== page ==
Celeste Sirin on why the two functions must collaborate to take the Employer Brand to the next level.
Historically, for candidates to find out what it’s like to work for a company in SA, they’ve had to rely predominantly on the corporate (mission, vision and values), product or service brands to gather information. People often assume that a strong product or corporate brand alone will attract candidates and customers. To succeed in today’s digital world, high performing companies are quickly realising that equal and focused attention must be given to their employer brands to attract, engage and retain the best talent. Brand experience is shaped by people irrespective of whether they engage with companies as a consumer, candidate, employee or stakeholder.
The product/service brand, together with the employer brand are interrelated to form a unified company corporate brand. But creating and preserving brand consistency across all spheres is not an easy feat. The debate is ongoing as to whether the employer brand best resides within HR or Marketing and Communications. The reality is that companies have so much to gain through Marketing (and Internal Communications) and HR working closely together in building their employer brands.
Whilst we might debate that we are in an employer-driven market, faced with a high unemployment rate where employer branding is a “nice-to-have” and not a “must-have”, this is not the case if we consider the following factors:
- Companies still require a strong and competitive employer brand to compete for scarce skills, especially when appealing to the passive candidate market.
- SA companies are failing dismally in managing the candidate experience, completely oblivious to how the lack of professionalism in serving their “candidate customers”, can detrimentally impact the company’s entire brand reputation.
- Ongoing internal employee engagement and embedding of your employee value proposition re-engages and elevates employees’ purpose, belonging and brings an organisation’s culture to life.
People are at the heart of driving your product or service - so even more reason for marketing to collaborate with HR in building the employer brand. Without good talent, how can companies sell their products or services? A siloed approach to Marketing focusing purely on the consumer brand, and HR on the employer brand is short-sighted, especially when Marketing is the brand custodian and has already established market research principles, strategies and channels to market.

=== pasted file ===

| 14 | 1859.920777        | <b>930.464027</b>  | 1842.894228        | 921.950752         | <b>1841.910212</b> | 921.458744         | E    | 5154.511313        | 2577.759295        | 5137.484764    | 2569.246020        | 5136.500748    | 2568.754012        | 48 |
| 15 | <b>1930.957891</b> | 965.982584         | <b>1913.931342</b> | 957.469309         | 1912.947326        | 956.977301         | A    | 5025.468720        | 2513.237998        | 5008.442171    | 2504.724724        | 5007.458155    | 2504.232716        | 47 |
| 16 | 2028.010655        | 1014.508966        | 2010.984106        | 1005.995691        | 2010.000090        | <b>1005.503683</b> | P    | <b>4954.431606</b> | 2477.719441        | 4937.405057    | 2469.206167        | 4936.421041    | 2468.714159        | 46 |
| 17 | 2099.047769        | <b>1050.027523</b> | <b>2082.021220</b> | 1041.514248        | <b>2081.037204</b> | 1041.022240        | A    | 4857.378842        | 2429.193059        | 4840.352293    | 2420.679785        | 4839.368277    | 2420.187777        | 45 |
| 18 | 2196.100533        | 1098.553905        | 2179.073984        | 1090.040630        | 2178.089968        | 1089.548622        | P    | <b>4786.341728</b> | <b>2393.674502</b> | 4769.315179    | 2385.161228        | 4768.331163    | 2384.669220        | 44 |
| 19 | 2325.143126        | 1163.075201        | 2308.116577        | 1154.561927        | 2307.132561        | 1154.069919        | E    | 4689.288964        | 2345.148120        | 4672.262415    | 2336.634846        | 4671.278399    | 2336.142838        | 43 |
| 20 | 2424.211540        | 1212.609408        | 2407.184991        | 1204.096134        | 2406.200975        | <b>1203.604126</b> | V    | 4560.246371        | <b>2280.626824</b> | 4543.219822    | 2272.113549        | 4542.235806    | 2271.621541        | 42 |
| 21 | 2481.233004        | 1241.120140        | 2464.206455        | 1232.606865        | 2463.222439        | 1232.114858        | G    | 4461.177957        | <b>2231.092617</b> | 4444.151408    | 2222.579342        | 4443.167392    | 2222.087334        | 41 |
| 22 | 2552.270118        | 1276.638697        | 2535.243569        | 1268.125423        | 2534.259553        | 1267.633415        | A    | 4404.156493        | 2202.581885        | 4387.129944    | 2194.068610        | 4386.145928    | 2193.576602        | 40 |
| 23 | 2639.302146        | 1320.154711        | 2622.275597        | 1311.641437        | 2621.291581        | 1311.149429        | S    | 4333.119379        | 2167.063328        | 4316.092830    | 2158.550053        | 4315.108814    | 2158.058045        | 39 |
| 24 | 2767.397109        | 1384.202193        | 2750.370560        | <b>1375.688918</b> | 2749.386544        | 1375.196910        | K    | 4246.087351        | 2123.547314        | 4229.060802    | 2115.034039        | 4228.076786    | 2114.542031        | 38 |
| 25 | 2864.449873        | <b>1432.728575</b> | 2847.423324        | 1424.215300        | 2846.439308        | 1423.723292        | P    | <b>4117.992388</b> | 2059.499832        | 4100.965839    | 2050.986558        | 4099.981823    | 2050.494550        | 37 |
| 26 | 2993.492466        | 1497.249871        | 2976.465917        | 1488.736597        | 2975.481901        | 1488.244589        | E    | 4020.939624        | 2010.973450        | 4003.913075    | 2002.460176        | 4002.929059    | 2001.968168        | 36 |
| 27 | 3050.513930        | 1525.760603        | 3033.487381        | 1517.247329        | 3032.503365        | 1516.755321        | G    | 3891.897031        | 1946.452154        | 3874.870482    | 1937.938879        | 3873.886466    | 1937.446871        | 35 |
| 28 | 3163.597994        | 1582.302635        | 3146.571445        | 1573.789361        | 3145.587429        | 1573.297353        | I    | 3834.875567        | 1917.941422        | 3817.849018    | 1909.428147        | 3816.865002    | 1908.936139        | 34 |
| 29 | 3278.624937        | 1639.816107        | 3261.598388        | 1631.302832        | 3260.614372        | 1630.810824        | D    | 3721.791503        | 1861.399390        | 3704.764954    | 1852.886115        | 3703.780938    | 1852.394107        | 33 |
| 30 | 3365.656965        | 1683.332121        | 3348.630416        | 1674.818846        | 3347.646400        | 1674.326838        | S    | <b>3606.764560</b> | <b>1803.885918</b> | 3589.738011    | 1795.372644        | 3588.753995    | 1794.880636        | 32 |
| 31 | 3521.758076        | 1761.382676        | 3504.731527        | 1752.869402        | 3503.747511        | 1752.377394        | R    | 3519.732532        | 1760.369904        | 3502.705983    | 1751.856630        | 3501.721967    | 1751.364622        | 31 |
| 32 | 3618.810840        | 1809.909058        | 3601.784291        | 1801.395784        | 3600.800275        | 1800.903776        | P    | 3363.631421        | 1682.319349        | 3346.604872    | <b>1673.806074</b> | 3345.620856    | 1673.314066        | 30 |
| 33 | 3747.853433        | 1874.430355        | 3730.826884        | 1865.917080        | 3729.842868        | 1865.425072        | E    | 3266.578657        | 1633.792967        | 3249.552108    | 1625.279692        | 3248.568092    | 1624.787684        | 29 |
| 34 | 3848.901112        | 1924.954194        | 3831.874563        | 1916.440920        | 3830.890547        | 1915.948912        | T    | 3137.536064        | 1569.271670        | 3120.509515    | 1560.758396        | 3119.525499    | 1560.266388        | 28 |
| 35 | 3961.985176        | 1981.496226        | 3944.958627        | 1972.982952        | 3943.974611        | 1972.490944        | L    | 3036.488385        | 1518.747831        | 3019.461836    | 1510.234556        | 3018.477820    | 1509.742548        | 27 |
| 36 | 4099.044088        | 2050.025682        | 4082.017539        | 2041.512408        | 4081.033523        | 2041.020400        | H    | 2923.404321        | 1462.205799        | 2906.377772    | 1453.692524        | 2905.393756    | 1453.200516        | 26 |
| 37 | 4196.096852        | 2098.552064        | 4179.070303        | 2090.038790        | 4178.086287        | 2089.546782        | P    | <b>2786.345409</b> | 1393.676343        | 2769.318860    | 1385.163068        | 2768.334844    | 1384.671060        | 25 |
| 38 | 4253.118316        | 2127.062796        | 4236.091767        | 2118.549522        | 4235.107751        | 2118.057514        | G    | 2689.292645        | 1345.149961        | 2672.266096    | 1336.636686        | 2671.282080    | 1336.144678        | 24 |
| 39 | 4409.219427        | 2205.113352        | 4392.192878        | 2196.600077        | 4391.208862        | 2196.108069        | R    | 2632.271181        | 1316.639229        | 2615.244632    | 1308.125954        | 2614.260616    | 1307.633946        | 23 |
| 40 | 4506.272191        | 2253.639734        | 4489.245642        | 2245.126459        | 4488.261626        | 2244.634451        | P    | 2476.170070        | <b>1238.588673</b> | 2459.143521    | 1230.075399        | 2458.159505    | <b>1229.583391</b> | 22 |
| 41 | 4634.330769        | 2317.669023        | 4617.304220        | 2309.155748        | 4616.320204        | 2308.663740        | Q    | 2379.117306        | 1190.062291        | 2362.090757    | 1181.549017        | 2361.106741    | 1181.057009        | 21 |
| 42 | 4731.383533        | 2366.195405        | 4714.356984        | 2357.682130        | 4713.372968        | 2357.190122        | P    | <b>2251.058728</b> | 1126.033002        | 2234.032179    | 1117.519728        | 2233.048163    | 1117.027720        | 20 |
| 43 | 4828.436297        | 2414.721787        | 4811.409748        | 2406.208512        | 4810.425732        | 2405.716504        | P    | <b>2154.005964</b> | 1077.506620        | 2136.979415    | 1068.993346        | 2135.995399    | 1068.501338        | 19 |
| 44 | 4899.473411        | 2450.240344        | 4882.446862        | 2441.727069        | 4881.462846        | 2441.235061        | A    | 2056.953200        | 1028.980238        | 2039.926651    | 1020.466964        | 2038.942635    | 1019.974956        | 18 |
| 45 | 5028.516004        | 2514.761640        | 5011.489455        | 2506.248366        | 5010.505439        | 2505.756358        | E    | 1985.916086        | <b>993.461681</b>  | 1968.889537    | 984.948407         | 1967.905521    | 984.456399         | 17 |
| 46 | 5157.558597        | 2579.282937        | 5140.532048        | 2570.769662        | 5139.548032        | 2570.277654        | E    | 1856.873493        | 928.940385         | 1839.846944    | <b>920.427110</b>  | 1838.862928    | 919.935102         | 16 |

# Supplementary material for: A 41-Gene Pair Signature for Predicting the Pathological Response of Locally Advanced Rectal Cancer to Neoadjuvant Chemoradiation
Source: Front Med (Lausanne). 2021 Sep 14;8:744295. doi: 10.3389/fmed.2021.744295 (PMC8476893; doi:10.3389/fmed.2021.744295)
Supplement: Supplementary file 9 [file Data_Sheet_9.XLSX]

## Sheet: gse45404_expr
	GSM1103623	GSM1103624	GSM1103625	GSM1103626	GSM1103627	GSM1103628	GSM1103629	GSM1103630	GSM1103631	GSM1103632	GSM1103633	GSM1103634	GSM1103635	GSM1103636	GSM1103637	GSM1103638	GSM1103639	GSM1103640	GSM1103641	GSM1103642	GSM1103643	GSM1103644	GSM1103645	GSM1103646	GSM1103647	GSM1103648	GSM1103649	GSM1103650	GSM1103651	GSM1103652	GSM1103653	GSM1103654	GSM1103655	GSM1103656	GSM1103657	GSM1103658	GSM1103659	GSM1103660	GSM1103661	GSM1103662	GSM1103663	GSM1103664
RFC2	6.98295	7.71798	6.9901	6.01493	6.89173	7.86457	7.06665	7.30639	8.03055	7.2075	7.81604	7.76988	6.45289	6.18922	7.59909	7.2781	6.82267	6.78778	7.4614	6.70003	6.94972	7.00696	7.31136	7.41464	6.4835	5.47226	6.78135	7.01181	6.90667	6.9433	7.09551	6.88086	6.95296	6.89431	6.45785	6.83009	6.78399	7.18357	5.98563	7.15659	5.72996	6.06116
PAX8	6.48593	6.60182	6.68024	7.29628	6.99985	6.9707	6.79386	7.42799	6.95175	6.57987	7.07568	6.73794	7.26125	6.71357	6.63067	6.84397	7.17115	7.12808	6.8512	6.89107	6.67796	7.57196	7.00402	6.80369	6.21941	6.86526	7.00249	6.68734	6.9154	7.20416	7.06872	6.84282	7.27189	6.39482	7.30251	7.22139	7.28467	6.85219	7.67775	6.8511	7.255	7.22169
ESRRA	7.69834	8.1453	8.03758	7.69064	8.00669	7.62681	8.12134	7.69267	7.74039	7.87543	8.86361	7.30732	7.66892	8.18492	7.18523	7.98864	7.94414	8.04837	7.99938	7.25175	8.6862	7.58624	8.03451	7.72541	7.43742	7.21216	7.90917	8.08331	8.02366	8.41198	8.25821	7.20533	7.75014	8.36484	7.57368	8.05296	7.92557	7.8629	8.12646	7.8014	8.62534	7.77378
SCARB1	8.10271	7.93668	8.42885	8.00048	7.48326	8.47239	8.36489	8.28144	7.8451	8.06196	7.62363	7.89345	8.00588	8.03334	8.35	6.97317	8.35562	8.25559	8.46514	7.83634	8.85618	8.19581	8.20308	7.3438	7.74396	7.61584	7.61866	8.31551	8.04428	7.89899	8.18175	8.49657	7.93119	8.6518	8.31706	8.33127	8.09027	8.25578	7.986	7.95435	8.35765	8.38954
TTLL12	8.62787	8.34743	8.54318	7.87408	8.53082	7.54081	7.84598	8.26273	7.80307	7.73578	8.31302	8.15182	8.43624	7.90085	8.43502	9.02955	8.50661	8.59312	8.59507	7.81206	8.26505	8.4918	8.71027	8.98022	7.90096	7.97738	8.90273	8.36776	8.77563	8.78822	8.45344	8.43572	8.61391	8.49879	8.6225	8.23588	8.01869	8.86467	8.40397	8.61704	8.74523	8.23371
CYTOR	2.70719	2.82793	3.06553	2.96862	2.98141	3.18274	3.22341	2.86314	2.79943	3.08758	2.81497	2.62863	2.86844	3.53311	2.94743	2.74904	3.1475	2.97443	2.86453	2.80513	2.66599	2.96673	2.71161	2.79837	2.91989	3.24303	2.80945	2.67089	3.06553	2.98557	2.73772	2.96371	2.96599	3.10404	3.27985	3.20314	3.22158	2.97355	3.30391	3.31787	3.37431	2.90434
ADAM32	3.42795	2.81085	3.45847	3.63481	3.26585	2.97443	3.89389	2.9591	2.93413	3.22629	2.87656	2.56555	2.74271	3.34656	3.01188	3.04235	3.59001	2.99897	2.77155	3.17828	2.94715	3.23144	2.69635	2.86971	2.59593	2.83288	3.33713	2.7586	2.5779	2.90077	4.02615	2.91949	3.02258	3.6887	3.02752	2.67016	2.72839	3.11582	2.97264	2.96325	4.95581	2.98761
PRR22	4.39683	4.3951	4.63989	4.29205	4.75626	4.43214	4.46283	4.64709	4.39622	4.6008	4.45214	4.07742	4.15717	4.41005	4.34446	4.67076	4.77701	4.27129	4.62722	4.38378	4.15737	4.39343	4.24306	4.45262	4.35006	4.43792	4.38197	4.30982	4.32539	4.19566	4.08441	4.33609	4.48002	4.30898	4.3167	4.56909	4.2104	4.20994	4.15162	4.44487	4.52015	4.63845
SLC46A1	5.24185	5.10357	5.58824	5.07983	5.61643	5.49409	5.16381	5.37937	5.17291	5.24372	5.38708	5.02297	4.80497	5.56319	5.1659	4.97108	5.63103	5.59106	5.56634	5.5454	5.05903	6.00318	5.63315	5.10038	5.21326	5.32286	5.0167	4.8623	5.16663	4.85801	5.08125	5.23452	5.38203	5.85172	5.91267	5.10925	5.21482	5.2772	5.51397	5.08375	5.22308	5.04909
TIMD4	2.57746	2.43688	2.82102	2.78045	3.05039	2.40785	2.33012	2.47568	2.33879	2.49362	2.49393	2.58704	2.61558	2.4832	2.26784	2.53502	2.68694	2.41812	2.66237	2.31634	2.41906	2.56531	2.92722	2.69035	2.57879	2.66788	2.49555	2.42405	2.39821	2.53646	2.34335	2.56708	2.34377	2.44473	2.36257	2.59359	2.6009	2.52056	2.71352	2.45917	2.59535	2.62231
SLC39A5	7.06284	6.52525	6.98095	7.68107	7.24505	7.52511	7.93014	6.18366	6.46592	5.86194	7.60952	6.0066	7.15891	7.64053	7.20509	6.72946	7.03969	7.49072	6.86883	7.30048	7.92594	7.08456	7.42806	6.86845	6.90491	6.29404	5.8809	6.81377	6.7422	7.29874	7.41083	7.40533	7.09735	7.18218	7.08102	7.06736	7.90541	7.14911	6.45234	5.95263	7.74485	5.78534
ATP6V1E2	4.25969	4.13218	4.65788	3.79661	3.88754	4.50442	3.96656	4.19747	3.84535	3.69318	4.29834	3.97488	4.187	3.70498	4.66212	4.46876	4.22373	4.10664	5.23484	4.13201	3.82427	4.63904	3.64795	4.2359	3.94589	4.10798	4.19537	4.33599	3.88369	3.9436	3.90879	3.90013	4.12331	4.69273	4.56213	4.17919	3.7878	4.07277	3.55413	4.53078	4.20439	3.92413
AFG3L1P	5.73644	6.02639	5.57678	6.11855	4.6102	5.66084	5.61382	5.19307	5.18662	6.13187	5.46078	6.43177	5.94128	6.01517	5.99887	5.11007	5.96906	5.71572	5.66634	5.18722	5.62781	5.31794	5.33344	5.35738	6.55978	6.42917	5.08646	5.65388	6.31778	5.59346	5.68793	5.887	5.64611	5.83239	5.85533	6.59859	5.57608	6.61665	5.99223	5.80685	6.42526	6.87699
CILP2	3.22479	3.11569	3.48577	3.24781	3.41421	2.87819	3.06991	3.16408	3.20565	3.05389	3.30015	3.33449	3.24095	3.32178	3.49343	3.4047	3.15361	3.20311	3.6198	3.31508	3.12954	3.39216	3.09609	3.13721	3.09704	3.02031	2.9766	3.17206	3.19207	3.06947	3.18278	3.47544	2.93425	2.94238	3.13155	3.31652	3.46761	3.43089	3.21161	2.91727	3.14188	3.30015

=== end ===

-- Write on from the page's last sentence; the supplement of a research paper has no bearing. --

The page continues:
So how does one create a successful partnership between HR and Marketing? Here are 5 steps that can move you in the right direction:
1. Designate an Employer Brand champion to sit in on marketing meetings
Acknowledging the fact that your CEO and leadership team must drive employer branding as a business principle, you still need a designated champion to attend regular marketing meetings to ensure that your employer brand receives the equal attention and action it requires to that of the consumer brand. A deliberate approach to establishing a competitive employee value proposition and employer branding strategy is necessary, otherwise, it can tend to become diluted and/or lost within Marketing’s holistic corporate brand strategy.
2. Allocate resources for Employer Branding
Ensure Marketing has allocated designated resources to work with HR in focusing and building your employer brand positioning, presence and ongoing nurturing. Resources can include digital media strategists, internal communications specialist, social media co-ordinators, recruitment marketers etc. all focused on driving the people brand and employee value proposition both internally and externally.
3. Have Marketing teach HR about segmentation
Through Marketing HR can access an established arsenal of brand collateral and marketing intelligence. Marketing’s strength lies in market research and segmentation so that the right message reaches the right target audience. HR can assist Marketing with understanding the different personas needed to create and tailor different employee value propositions to address groups of candidates (especially insofar as the multiple generations are concerned). By coordinating this intelligence with HR’s input on recruitment, retention and engagement strategies, companies have the opportunity to accelerate their employer brands and develop an Employer Brand Bible.
4. Have HR teach Marketing about the power of culture
With Marketing being focused on product or service, it is important for them to work alongside HR to better understand that employee beliefs, values and behaviours can have enormous impact and influence on the holistic corporate brand. Through listening to employees’ thoughts, observing their behaviours and embracing employee-generated input and opinions, Marketing can uncover authentic answers that will impact customers, candidates and stakeholders.
5. Ensure that your employer brand reinforces your corporate brand
A company’s employer brand complements your parent brand and with a focused approach from HR, Marketing can benefit from the impact it can have on improving a company’s holistic brand reputation.
Experience is everything and with the lines between the consumer and employer brands blurring, candidates and consumers alike often do not distinguish the difference in their interactions with a company. It, therefore, stands to reason that a strong collaborative approach between HR and Marketing is necessary towards building a competitive and desirable employer brand.